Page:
But, as with most people of the Western world, their character changes when they drive. Some of the bridges are not wide enough for two cars. In the daytime, the first driver to put his lights on has the right of way. I do not know what they do at night because I do not drive in Mexico at night. In spite of much legislation, there are still too many farm animals wandering loose, too many holes in the roads big enough to hide a bison and too many peasants full to the brim with tequila, zigzagging back and forth across the shoulder.
And beware, in the oil districts, the huge tank trucks and pipe trucks. The drivers of those big rigs have some strange variety of machismo. Keep an eye on the rear-view mirror because they will blow by you at such speed, hitting the air horns as they pass, that startled gringos have been known to jump their Buicks right into the ditch.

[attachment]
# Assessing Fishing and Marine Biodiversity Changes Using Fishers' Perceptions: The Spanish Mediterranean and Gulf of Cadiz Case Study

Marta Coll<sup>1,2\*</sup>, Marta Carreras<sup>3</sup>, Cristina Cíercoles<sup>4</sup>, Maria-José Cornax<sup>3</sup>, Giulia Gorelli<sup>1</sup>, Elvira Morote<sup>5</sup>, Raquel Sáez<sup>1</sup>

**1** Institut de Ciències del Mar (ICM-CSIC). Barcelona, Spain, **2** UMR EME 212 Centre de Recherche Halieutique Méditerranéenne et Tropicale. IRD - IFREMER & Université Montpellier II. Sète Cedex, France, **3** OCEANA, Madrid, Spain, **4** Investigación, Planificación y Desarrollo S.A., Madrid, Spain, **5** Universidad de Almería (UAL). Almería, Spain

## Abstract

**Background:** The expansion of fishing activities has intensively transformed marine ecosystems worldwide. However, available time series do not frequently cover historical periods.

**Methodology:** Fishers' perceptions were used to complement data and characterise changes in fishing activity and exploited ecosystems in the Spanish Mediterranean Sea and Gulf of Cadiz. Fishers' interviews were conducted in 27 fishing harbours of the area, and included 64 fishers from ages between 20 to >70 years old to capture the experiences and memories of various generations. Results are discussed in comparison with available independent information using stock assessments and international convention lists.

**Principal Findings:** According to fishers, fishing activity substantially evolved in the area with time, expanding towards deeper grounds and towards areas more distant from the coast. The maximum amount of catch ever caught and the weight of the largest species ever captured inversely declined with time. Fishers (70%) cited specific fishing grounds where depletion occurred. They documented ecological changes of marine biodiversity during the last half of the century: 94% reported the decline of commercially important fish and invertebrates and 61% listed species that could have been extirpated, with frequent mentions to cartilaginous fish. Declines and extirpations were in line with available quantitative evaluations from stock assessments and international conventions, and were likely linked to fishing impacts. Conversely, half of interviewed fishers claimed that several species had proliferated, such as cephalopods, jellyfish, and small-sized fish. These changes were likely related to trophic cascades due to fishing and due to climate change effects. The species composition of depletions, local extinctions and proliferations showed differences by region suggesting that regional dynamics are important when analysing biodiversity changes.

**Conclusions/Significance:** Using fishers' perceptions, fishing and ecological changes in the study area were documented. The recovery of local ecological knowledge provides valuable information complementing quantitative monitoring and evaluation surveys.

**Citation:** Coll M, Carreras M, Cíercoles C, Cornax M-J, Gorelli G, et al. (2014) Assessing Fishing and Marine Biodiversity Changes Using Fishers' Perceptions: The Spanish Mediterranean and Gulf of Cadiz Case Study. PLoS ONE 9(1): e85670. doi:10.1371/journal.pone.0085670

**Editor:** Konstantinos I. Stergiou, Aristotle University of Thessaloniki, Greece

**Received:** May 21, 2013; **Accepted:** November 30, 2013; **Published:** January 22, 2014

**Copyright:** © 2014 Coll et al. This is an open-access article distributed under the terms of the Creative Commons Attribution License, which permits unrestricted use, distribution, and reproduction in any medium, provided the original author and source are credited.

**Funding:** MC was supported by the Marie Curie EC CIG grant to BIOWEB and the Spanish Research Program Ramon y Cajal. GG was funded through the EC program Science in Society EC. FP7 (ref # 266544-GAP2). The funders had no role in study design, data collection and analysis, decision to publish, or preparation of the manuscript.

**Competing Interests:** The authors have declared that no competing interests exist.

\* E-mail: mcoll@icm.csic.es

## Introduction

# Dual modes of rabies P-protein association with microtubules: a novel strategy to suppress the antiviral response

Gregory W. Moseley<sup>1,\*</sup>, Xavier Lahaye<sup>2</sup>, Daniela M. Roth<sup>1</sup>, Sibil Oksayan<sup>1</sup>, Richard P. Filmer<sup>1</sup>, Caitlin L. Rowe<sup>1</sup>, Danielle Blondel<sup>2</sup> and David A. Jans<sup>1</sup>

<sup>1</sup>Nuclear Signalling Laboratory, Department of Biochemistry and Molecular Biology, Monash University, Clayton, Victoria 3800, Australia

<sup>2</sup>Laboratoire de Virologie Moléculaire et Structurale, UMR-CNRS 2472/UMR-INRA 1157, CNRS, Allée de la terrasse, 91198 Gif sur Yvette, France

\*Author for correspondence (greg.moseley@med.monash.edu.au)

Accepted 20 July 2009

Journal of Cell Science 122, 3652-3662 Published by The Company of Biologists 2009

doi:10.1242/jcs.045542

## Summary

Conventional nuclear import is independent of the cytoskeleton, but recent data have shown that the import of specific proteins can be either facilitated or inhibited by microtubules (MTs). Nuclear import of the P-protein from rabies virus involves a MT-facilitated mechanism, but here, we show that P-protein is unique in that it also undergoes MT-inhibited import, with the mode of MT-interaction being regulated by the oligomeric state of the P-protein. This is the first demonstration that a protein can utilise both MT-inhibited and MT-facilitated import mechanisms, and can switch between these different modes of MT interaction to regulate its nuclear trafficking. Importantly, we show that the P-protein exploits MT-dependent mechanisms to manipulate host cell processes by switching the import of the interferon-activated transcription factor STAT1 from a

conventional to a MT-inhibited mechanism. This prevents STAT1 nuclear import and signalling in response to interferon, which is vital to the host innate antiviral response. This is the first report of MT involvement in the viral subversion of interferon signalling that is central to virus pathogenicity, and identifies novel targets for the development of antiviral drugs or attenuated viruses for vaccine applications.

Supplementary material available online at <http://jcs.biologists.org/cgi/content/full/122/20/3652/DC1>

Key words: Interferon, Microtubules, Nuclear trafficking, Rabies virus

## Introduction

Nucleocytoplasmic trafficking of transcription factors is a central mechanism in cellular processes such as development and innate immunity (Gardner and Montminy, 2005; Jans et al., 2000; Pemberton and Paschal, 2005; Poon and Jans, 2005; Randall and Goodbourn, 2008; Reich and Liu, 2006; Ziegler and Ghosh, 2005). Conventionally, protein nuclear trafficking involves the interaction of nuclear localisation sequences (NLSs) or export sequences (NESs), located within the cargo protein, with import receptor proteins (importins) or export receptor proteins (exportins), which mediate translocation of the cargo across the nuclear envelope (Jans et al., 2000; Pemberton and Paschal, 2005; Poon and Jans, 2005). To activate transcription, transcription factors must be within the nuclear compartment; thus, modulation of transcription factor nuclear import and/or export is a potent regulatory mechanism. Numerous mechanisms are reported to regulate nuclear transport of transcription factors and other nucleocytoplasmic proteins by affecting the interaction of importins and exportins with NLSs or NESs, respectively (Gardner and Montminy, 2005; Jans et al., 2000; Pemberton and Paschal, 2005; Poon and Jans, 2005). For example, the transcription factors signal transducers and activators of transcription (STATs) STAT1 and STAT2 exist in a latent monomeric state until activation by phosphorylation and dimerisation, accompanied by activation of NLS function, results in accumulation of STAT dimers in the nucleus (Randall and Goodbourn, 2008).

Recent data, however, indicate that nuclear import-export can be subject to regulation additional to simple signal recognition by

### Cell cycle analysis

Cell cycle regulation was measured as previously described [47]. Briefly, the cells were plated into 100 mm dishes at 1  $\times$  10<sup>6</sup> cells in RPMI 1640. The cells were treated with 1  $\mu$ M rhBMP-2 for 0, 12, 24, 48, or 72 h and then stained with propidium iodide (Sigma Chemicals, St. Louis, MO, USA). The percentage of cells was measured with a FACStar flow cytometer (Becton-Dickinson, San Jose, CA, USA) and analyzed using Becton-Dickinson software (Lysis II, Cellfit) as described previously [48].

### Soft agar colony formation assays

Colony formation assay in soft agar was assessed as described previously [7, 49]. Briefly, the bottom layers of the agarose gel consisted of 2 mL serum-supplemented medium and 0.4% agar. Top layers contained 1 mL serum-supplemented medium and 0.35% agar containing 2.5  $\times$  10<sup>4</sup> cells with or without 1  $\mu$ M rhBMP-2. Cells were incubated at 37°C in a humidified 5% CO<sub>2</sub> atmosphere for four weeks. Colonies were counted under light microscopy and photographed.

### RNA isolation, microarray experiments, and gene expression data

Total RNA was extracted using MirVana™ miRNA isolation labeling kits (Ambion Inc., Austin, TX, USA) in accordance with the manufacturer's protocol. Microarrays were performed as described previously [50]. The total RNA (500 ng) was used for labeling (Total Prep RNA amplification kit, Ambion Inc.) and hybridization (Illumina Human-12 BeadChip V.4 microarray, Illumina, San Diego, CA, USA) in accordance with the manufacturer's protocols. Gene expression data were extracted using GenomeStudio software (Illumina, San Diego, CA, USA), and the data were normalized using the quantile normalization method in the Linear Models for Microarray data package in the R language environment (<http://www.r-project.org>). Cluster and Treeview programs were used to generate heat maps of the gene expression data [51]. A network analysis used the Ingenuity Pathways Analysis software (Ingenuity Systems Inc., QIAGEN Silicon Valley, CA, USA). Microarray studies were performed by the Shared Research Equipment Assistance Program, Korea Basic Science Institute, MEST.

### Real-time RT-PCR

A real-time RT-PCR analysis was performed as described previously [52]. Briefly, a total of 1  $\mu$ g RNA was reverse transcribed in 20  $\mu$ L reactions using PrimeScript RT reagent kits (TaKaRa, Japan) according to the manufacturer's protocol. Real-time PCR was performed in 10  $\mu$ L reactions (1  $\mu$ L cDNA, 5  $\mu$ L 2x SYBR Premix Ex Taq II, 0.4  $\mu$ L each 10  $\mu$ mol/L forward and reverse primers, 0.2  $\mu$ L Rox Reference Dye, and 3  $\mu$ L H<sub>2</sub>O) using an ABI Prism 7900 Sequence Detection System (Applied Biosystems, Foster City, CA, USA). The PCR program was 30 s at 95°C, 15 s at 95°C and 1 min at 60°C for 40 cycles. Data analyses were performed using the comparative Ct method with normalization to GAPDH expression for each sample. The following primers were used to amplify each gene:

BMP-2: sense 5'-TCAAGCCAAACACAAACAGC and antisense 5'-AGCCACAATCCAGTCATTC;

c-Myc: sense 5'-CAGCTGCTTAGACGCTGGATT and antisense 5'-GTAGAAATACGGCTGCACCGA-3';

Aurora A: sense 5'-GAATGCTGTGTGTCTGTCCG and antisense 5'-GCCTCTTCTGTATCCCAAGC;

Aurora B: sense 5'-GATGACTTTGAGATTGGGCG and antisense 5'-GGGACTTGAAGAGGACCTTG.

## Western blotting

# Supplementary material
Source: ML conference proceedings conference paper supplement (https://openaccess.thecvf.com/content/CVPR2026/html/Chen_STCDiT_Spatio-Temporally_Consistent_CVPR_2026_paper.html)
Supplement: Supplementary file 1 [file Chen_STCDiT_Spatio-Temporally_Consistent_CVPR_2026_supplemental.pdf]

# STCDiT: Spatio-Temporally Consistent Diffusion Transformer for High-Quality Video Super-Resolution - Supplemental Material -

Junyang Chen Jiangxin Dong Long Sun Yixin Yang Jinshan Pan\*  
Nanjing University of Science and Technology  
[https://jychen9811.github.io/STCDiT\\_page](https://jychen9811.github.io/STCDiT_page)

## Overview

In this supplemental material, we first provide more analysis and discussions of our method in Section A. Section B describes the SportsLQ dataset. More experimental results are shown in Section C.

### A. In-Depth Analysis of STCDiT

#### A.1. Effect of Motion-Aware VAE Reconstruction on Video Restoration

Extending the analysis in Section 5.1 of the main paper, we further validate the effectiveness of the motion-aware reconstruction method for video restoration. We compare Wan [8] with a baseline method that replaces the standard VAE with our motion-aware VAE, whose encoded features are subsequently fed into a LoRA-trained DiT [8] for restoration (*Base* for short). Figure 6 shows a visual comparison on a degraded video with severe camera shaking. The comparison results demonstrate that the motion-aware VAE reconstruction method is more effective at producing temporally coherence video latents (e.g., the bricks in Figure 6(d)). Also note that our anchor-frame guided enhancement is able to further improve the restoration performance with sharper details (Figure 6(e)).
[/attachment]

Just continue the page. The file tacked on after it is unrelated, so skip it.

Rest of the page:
It is not wise or useful to join big tour groups of Americans going to Mexico. The big diesel buses go 90 miles an hour whenever the road is reasonably straight. The hotels they take you to are damned well tired of Americans, and the service and food are at best mediocre. But, worst of all, you are taken to some of the most fascinating ruins in the hemisphere at those hours when they are most crowded, the tour buses standing in dusty formations as far as the eye can see.
For great Mayan ruins such as Palenque, Coba and Chichen Itza it is best to drive to the little Hotel de las Ruinas you will find at each site. They are either owned or operated by Club Mediterranee, and they are smart, clean and cheerful, with a pool and good enough food. Then you can get up in the morning and walk the ruins as soon as the ticket booths are open.